Thursday, July 16, 2009

Names withheld to protect the innocent

From the 2nd day of the '98 Reisinger in Orlando (i.e. scoring = BAM vs strong opponents).

Sadly, I forget the auction (maybe Tim knows it), but you're declaring 3N with these hands:



To start off, you duck the DK lead and win the 2nd as RHO pitches a club. RHO wins the 3rd round of clubs and plays a 4th (LHO follows once and then pitches 3 diamonds).

I'll turn it over here. If forced to make pitches, each opponent will cling to one minor suit winner.

Say you cash your hearts and come down to this 3 card ending with the lead in dummy:



LHO has a diamond, RHO a club, and they each have 2 spades (if you care, LHO had 4 small hearts). Now what?

More later.

1 comment:

  1. In the 3-card ending, you might as well lead your diamond. Now if RHO pitches a spade you have a guess to make -- without any inference from the bidding there is no theoretically "right" play for either declarer or defense. There is a mixed equilibrium where RHO *sometimes* bares the SK when he has it, and declarer sometimes plays to drop it. In practice, given the conditions, I guess I would play to drop it on the basis that experts are showoffs and will bare the K more often than theoretically correct, here that would be about 1/4 of the time he has it. (The fact that you know his shape was 4-2-1-6, hence suspect he has the SK, should in theory make him bare the K less often to compensate, but even many experts probably don't know that!) This is very subjective and depends completely on the opponent. Against weak opposition, never play for the drop.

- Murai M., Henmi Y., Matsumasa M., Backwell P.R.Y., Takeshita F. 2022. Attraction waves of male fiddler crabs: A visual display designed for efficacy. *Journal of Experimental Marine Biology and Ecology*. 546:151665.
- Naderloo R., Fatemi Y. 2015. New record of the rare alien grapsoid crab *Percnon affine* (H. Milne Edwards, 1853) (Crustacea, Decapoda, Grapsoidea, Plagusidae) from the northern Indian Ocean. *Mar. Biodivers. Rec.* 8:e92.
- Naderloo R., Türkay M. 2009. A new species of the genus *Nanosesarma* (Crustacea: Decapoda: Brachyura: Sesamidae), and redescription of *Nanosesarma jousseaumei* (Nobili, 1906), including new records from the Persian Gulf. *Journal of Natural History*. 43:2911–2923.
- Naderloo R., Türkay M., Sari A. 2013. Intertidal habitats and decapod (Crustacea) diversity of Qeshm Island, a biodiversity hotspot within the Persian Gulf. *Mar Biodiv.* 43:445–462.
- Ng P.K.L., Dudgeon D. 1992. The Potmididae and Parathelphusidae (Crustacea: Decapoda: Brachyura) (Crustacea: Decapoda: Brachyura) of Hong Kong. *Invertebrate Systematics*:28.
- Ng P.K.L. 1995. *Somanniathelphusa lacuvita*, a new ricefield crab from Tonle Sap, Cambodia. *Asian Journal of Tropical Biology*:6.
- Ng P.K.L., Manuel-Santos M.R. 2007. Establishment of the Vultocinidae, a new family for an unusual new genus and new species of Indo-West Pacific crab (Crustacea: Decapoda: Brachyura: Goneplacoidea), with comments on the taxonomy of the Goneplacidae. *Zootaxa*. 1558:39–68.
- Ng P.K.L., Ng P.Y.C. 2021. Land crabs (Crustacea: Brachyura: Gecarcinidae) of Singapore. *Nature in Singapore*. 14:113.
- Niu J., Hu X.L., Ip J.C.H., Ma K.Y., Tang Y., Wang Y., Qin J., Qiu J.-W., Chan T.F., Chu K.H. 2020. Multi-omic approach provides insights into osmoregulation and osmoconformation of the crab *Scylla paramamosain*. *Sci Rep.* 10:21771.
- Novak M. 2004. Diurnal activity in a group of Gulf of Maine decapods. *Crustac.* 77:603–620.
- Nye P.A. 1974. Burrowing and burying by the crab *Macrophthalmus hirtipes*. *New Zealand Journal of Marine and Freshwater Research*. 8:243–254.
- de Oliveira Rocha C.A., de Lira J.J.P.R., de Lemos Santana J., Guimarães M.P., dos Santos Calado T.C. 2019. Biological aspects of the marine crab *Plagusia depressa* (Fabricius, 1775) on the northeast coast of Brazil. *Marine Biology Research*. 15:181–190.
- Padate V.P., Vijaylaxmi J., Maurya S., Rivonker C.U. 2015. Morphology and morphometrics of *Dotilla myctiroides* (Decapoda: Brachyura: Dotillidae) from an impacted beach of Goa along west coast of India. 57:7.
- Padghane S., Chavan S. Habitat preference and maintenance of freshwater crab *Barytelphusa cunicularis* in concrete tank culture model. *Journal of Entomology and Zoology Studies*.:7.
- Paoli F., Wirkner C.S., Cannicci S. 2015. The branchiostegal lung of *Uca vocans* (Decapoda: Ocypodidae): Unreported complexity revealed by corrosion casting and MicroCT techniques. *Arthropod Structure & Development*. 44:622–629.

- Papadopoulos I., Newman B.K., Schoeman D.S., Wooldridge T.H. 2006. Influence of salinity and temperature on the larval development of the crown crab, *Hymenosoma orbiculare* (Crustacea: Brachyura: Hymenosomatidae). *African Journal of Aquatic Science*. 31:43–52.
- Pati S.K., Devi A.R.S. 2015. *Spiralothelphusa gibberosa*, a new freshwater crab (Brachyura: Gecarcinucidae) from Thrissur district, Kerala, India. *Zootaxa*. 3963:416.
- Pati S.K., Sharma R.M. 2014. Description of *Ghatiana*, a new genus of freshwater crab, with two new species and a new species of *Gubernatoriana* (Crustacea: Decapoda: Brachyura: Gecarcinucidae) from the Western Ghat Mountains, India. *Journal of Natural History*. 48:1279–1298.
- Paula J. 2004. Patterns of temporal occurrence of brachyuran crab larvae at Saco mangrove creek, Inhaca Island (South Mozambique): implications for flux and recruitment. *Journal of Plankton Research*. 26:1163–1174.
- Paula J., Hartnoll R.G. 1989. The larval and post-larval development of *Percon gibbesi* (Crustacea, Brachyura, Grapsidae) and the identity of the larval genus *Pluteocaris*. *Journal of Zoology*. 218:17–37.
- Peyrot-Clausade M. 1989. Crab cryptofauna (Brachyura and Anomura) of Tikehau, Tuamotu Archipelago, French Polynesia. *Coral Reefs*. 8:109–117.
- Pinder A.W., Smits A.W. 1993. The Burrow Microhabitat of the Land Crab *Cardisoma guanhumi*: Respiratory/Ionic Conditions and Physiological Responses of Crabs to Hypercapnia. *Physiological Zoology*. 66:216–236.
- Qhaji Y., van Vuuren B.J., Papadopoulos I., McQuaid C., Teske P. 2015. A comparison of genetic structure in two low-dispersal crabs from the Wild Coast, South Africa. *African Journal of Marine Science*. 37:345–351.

The one play that is 100% wrong is for righty to pitch a club when he does not have the SK, giving you no losing option.